On the court, Braswell has played in all but two games over the last four years, including starting the last 55 straight at point guard. In his career, he has 201 assists and 652 points. This year, Braswell is third on the team in scoring (11.0 ppg.) and second in assists. As a junior, he finished 10th in the Ivy League in assists (75, 2.4 per game), tied for second on the team in steals (29) and was third in three-pointers (20). The highlight of his sophomore year came when he scored 13 points and grabbed a team-high five rebounds in a victory at Harvard. In 2007-08 he was the recipient of the John C. Cobb Award as the team's top freshman.
Braswell, a Scotch Plains, N.J., native, isn't sure what will be going through his mind when he walks off the Amphitheater floor for the last time on Saturday.
"Hopefully I will be thinking that we had a great win against Harvard," he says. "But in terms of it being my last home game, I don't think that it will hit me until the next day. I feel very privileged to have had an opportunity to play basketball in college and even more privileged to attend Yale."
Mantilla has had to deal with the frustration of missing much of his senior season with an injury. He hasn't played since the Bulldogs' win over Brown on Jan. 22.
"Missing games this season has been extremely hard for me," he says. "I've put in so much time and effort to make it through to my senior year, and it's heartbreaking to have to sit out and not be able to help the team on the floor. I just try to keep things in perspective and remind myself of how extremely fortunate I have been to be a part of this university and this basketball program for four years. During games and practices I've tried, to the best of my ability, to just let my voice be heard, encouraging my teammates and offering advice when I think I can help."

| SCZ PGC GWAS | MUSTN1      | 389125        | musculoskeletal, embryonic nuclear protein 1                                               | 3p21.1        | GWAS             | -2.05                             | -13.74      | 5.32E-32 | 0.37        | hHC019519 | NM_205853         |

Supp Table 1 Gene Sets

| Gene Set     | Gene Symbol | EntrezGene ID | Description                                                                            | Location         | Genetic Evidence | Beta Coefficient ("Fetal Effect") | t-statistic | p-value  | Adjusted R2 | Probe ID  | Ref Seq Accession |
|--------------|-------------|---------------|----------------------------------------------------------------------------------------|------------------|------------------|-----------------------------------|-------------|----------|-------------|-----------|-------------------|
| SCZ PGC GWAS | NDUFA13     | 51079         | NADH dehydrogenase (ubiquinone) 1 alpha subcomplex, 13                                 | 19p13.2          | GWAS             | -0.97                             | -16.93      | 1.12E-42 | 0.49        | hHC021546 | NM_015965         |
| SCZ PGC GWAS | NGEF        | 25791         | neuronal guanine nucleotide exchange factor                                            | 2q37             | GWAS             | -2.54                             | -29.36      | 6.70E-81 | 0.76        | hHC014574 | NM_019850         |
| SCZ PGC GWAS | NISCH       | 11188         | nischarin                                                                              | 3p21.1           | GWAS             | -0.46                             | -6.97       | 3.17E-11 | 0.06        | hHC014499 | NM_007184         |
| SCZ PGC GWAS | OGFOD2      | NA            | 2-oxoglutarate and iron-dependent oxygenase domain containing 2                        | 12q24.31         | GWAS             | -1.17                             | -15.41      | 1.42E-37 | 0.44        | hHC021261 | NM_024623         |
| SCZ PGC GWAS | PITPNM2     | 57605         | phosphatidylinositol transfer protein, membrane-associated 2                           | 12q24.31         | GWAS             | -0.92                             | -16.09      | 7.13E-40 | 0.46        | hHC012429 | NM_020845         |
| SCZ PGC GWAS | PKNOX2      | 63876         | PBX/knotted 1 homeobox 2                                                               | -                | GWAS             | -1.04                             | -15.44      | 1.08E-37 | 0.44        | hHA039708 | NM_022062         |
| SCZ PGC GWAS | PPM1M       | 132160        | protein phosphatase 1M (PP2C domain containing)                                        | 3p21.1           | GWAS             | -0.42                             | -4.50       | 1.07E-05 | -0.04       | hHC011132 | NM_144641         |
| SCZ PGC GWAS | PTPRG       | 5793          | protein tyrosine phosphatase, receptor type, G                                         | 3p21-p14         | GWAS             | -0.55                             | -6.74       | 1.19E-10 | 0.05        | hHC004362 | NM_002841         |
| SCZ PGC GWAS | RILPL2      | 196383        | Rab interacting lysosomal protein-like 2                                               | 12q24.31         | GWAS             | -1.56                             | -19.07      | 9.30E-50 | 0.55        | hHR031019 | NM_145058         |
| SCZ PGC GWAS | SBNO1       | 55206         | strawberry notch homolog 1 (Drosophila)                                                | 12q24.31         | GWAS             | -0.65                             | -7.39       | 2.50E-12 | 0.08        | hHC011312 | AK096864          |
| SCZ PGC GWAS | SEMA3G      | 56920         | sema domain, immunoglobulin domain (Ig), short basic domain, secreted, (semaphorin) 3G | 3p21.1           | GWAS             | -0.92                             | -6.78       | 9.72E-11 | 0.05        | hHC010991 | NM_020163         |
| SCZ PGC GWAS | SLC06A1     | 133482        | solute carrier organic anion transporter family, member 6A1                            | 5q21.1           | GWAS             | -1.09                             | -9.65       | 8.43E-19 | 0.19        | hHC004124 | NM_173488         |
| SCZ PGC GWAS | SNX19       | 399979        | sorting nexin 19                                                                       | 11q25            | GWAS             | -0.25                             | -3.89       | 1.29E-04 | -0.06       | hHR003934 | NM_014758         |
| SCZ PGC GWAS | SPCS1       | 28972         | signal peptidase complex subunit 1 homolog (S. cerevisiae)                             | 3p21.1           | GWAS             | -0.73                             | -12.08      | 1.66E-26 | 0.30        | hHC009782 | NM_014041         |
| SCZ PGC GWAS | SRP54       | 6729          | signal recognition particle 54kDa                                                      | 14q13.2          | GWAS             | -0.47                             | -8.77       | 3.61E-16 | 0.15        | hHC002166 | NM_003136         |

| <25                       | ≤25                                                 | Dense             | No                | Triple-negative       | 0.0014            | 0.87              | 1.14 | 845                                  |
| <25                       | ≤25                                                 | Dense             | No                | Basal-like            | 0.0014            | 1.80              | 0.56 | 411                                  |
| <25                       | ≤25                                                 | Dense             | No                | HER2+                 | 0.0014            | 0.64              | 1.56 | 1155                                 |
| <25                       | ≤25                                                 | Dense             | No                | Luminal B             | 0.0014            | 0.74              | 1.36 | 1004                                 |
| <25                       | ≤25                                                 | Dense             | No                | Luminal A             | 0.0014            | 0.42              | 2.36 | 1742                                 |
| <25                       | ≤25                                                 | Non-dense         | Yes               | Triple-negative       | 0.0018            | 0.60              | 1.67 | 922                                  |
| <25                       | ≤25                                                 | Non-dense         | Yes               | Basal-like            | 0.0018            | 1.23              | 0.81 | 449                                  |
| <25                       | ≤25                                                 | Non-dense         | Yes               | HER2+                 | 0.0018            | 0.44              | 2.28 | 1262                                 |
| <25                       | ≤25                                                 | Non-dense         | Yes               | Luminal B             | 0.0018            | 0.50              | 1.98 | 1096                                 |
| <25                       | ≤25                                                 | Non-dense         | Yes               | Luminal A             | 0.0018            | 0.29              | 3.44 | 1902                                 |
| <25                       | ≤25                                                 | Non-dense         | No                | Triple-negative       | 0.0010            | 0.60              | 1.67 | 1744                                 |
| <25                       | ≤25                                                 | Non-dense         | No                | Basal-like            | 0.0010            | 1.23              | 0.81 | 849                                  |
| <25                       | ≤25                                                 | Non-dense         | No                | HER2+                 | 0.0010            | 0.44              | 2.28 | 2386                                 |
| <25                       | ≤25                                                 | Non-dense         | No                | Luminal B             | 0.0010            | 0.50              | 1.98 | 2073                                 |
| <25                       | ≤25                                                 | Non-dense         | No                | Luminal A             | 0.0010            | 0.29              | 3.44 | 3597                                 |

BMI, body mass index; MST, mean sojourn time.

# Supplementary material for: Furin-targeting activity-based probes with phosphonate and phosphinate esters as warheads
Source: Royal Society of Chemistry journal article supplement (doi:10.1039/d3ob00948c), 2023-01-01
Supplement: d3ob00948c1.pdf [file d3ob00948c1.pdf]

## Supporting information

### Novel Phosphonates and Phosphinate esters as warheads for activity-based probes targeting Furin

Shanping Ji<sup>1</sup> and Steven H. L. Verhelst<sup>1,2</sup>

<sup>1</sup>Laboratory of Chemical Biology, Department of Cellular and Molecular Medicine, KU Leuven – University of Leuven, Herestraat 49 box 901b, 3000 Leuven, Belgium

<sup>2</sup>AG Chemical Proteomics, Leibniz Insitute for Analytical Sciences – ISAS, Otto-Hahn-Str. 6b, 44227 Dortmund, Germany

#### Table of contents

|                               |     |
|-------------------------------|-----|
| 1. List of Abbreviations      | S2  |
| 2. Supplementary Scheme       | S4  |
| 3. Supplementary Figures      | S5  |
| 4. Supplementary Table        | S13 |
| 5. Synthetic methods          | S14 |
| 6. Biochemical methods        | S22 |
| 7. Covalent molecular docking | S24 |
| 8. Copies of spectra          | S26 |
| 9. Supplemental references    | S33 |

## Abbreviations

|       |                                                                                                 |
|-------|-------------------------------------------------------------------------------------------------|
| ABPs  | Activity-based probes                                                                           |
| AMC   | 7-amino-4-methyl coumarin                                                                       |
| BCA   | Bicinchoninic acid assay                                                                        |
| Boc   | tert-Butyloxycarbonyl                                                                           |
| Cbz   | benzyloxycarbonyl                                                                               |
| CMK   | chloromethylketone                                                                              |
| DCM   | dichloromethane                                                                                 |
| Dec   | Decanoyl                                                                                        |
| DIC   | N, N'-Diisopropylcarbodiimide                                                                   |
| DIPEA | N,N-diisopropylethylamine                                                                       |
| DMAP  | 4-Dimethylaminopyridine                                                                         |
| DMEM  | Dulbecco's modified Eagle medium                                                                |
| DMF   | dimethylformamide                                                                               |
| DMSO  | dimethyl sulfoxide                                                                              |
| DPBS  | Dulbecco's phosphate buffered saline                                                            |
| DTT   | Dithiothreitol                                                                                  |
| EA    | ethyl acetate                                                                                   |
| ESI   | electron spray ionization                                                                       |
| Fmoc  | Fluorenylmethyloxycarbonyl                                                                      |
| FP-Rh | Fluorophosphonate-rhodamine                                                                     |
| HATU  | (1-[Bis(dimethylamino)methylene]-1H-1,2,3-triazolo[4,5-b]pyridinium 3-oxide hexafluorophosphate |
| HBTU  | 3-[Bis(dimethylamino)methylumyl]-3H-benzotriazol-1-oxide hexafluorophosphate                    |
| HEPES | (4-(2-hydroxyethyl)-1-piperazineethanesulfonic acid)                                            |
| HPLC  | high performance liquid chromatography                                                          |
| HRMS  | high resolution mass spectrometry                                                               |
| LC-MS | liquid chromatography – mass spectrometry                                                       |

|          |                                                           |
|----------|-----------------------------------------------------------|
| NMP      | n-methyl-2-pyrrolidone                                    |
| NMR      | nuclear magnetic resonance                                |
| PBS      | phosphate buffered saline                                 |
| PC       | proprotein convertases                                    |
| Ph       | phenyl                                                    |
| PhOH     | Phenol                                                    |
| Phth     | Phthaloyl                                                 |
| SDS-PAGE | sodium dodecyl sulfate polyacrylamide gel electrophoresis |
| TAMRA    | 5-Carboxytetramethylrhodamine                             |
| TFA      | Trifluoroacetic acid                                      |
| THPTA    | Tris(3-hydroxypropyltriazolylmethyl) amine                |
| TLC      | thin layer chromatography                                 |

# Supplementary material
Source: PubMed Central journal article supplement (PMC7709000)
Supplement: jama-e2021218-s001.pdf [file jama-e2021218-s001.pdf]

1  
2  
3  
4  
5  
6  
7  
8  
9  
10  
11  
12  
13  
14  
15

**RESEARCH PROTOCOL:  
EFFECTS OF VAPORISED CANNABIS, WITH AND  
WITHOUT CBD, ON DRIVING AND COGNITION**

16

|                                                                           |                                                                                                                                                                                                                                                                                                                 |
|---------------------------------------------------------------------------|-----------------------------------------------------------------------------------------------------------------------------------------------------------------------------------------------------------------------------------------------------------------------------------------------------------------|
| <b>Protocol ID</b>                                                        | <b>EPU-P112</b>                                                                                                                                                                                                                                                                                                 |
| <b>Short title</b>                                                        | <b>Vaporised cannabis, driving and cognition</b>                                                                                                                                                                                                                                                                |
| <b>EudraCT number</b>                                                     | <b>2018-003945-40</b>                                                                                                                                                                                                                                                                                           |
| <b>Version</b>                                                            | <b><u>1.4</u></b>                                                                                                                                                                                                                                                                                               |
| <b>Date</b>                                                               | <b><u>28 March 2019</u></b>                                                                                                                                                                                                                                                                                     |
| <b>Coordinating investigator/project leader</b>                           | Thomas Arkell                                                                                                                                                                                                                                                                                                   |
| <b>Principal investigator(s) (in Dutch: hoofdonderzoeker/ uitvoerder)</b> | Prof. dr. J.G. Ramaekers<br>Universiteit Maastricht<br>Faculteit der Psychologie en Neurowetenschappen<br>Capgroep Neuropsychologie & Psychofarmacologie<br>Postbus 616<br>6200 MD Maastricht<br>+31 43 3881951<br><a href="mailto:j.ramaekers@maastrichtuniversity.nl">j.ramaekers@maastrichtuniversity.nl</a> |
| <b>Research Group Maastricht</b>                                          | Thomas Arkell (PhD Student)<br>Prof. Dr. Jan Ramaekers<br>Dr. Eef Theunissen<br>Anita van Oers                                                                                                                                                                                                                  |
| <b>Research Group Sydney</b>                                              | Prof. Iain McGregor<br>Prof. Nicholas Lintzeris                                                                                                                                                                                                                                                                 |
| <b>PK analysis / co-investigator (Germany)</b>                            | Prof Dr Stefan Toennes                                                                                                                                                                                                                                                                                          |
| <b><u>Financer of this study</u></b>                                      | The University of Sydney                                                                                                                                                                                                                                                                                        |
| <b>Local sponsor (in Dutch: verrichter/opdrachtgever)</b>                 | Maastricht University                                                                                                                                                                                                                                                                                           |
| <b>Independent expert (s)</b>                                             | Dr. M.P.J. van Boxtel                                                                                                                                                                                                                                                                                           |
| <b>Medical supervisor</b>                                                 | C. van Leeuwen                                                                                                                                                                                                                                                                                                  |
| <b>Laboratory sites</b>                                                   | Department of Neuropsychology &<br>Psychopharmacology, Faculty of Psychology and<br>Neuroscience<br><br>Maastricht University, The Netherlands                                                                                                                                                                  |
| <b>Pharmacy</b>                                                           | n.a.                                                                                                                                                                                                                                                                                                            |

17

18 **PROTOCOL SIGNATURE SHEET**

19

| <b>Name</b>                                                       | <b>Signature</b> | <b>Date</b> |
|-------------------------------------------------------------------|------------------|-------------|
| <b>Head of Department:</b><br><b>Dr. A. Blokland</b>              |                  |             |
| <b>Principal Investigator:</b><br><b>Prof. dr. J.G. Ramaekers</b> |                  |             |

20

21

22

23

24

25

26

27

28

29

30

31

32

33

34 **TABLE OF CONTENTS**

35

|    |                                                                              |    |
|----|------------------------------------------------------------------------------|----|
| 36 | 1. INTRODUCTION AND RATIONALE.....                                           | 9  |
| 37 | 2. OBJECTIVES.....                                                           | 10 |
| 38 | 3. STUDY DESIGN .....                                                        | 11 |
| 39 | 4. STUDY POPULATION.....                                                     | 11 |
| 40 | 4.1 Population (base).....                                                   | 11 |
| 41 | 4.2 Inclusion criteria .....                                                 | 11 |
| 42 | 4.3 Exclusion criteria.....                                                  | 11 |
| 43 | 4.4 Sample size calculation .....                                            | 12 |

Mantilla, a Mundelein, Ill., native, has made tremendous progress throughout his career. After appearing in only seven games as a freshman, he played in 27 last year and established career highs in points and three-pointers. Before suffering his injury, he played a key role in the Bulldogs' victory over Albany earlier in the season, scoring a career-high 12 points on 4-of-7 shooting from the field.
Mantilla also feels he has grown as a person during his time at Yale.
"I think that the biggest change in me since my freshman year is that I am a much more confident person now," he says. "This isn't to say that I was lacking in confidence when I arrived as a freshman, but all that I've been through in the past four years has made me grow up and provided with the life experiences that you need to confidently move forward. Basketball has really helped with my development, both because it has been a consistent challenge that does not let you stop working hard at any point, and because it has brought me in contact with some amazing people that have taught me a lot about becoming the man I want to be."
The recipient of the team's Richard Derby Academic Award following his junior season, Mantilla will return to Chicago and work in management consulting for the Boston Consulting Group following graduation.
The emotions will be flowing for each of the three seniors when the final horn sounds on Saturday, but they all know that the long hours on the court and the hard work have been worth it.
"Walking off the floor for the last time on Saturday will definitely be sad," Braswell says, "but I am fortunate to have had this incredible experience."
Story by Tim Bennett, Yale Sports Publicity